Tuesday, January 15, 2019

Building Sister School Partnership


http://ivy.knu.ac.kr

After the back-and-forth with my Korean counterparts, I made a significant breakthrough in promoting international education at MY school. By building our very first sister school partnership, the journey to inbound and outbound exchange just turned a new leaf. The timing also couldn't have been better because we just celebrated the school's 50th birthday. 


The Signing of the MOU

Kyungpook National University’s Middle School at Daegu, Korea will form a memorandum of understanding with my school, Taichung Municipal Kuang-Ming Junior High School, this February. A delegation from our sister school, including the principal and my counterparts, will pay an official visit to Kuang Ming and sign the MOU that day.  

A School Visit from the Sister School

The MOU mandates mutual benefit for both schools, including student and teacher exchange each year and joint learning activities. Twenty Korean students, along with their principal and teachers, will have a school visit to KMJH this October. Two-night homestay and one-day joint classes are already in discussion.

My Korean counterpart and I were discussing the possibility of future collaborations before their visit, such as Skype sessions, Postcrossing, and the  Teddy Bear Project. Meanwhile, I've talked about some potential projects to work on with some colleagues, and they all pleasantly expressed their interest in making it happen.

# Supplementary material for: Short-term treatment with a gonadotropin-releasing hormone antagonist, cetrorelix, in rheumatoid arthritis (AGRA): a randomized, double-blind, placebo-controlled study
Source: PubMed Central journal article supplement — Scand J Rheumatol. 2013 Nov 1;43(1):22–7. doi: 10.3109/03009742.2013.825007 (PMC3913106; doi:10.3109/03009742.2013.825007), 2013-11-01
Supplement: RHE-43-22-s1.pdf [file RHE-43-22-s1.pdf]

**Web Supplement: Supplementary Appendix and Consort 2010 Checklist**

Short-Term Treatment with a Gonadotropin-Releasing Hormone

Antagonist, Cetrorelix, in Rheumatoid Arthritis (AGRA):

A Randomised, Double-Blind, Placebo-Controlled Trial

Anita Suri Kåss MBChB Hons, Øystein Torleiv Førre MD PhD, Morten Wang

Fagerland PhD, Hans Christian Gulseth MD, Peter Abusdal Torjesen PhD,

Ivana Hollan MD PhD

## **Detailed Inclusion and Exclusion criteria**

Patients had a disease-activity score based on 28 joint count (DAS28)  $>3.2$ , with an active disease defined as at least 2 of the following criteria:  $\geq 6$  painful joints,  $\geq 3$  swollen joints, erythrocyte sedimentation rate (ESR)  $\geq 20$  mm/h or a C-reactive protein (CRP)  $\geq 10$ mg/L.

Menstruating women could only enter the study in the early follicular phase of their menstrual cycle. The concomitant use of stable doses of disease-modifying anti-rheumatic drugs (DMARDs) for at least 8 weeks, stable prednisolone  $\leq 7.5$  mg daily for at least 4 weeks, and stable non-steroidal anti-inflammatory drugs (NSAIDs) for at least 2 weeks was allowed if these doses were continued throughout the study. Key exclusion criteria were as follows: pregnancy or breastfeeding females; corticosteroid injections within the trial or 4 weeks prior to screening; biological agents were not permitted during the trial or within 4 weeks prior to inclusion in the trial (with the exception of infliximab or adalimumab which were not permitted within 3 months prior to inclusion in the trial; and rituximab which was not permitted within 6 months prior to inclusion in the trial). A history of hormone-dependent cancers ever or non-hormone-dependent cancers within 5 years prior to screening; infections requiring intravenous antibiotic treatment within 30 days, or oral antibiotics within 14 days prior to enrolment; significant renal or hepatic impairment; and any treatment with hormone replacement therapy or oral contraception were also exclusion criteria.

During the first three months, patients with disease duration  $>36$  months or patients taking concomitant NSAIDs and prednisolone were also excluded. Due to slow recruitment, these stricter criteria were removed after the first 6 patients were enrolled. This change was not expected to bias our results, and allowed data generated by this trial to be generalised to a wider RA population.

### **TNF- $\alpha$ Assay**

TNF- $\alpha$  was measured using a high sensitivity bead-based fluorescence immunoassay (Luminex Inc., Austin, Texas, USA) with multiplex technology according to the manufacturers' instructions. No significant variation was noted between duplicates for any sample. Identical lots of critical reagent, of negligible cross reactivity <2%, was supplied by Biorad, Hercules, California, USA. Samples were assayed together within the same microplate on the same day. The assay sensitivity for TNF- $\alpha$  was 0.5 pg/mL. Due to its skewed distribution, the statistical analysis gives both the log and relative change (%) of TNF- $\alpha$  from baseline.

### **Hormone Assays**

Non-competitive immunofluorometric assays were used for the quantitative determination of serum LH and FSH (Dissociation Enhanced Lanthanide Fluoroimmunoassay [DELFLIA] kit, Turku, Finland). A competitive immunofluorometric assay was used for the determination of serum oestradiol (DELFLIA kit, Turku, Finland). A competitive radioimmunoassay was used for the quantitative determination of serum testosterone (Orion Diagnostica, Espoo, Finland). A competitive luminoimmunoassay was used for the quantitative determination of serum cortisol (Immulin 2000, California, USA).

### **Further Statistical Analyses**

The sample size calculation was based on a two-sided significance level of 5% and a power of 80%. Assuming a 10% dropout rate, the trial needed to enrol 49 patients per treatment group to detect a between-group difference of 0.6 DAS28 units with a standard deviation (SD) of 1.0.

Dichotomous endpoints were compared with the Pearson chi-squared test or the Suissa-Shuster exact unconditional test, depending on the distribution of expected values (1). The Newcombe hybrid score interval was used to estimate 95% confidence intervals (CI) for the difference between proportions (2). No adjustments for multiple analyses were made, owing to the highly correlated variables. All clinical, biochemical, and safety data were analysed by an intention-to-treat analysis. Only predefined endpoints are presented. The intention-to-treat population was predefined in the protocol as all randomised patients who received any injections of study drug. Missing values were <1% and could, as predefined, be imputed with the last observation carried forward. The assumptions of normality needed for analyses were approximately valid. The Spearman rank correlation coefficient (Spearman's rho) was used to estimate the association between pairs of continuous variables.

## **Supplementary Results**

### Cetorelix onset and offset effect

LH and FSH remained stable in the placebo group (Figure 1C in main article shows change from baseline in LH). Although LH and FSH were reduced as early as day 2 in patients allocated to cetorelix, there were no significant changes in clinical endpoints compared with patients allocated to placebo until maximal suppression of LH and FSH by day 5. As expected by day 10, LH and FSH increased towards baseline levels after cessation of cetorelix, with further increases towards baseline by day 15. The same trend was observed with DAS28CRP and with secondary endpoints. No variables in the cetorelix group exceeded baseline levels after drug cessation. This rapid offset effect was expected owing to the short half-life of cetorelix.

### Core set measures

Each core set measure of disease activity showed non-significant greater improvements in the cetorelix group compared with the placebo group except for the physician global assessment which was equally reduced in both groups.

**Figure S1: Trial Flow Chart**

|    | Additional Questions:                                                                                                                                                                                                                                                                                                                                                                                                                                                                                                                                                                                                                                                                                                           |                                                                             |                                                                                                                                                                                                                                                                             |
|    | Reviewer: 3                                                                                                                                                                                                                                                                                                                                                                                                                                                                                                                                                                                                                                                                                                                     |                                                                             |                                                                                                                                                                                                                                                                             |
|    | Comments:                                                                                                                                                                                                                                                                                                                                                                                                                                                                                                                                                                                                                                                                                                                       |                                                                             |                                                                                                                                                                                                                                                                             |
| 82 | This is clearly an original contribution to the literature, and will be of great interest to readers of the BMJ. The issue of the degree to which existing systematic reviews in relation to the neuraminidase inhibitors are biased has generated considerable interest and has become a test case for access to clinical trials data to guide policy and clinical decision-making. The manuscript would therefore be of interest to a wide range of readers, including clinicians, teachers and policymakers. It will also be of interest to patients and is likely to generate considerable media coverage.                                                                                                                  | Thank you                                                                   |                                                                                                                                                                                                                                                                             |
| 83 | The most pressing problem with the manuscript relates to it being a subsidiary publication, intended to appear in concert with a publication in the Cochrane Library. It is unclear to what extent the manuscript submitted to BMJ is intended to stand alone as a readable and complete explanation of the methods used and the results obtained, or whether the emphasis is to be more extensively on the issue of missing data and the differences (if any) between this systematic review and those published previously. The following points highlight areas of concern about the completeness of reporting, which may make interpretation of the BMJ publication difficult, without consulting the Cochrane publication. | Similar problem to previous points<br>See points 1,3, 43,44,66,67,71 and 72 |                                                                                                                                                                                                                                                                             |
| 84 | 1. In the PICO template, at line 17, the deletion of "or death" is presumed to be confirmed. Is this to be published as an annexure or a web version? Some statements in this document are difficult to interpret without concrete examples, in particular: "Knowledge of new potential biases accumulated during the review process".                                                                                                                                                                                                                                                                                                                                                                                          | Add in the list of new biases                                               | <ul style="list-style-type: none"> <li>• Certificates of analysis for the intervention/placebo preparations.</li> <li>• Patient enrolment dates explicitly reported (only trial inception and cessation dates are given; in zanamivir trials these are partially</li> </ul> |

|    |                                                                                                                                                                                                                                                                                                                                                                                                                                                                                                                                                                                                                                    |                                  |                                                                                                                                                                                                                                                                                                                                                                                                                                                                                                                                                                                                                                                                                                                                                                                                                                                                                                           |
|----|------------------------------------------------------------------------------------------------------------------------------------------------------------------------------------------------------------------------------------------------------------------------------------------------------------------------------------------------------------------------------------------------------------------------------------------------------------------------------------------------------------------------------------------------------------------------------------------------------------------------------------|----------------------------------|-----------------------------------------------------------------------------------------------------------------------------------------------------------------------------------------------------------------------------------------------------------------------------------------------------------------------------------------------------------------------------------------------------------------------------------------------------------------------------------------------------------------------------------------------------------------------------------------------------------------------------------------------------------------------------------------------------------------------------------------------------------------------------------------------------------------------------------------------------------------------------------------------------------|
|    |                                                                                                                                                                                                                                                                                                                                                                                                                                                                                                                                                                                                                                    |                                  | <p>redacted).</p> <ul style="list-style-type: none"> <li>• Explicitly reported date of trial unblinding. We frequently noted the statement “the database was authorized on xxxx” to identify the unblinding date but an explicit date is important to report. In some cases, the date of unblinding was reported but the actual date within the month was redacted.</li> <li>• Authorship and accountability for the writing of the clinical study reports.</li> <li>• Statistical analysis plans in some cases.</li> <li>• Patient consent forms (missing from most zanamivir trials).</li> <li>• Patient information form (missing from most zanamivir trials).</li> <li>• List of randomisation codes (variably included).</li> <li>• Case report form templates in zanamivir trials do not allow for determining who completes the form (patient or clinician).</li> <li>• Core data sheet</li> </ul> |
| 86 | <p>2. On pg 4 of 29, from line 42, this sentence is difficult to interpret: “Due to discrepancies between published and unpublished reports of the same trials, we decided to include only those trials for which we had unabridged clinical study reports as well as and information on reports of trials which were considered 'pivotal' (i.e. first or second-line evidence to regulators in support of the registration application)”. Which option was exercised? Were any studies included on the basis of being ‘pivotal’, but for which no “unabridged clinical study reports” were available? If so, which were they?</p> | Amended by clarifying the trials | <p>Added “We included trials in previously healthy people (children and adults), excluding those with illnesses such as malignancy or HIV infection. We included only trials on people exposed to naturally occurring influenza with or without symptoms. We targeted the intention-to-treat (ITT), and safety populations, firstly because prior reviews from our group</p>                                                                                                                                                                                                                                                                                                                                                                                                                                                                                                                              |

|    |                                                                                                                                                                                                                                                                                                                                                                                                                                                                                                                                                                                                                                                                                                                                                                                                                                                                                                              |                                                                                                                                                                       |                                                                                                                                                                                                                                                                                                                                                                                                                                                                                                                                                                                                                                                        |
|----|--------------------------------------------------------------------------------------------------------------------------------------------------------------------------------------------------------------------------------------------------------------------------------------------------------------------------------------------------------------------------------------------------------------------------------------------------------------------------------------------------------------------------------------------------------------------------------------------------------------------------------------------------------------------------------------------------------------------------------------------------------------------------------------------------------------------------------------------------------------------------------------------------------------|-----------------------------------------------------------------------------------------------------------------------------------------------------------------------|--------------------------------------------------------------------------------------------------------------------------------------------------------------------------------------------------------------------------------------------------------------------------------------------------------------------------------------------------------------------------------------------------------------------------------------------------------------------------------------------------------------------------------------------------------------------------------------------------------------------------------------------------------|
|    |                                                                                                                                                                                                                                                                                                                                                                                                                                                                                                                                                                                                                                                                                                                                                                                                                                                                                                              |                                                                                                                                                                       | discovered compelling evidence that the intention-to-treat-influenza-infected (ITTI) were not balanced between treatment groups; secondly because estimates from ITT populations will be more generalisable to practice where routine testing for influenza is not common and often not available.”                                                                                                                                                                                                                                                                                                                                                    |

It was meant to be

The education exchange trip to Daegu, Korea last May was indeed a blessing in disguise. In retrospect, it connected with the Daegu Metropolitan Office of Education that introduced this Korean middle school to work with for more international projects and outbound exchanges. I've enjoyed corresponding with my partners since last November. Moreover, I'm also looking forward to meeting them in person when taking a family trip to Korea this coming winter vacation.  

An Uphill Journey to International Education

I dedicated so much to the International School Award back in 2015 and won the trophy. My ambition was to win another bragging right for my school that would help attract more students to enroll, but I was wrong due to the lack of support from those who had the authority to make big decisions.  

However, I continued with what I love against all the odds. Skype sessions with Japanese and Korean schools engaged more of my colleagues and their students. The Canadian AIESEC volunteer's three school visits and numerous video calls with the gifted duo were unparalleled. Last but not least, the Japanese professors' class participation and Korean students' visit both expanded my horizons.


The only class that I got to do international education was removed from my schedule this semester. I got caught up because of it for quite a while, feeling unappreciated disappointed. Nonetheless, the sister school partnership is taking shape, and I'm confident it would open up so many opportunities like never before.

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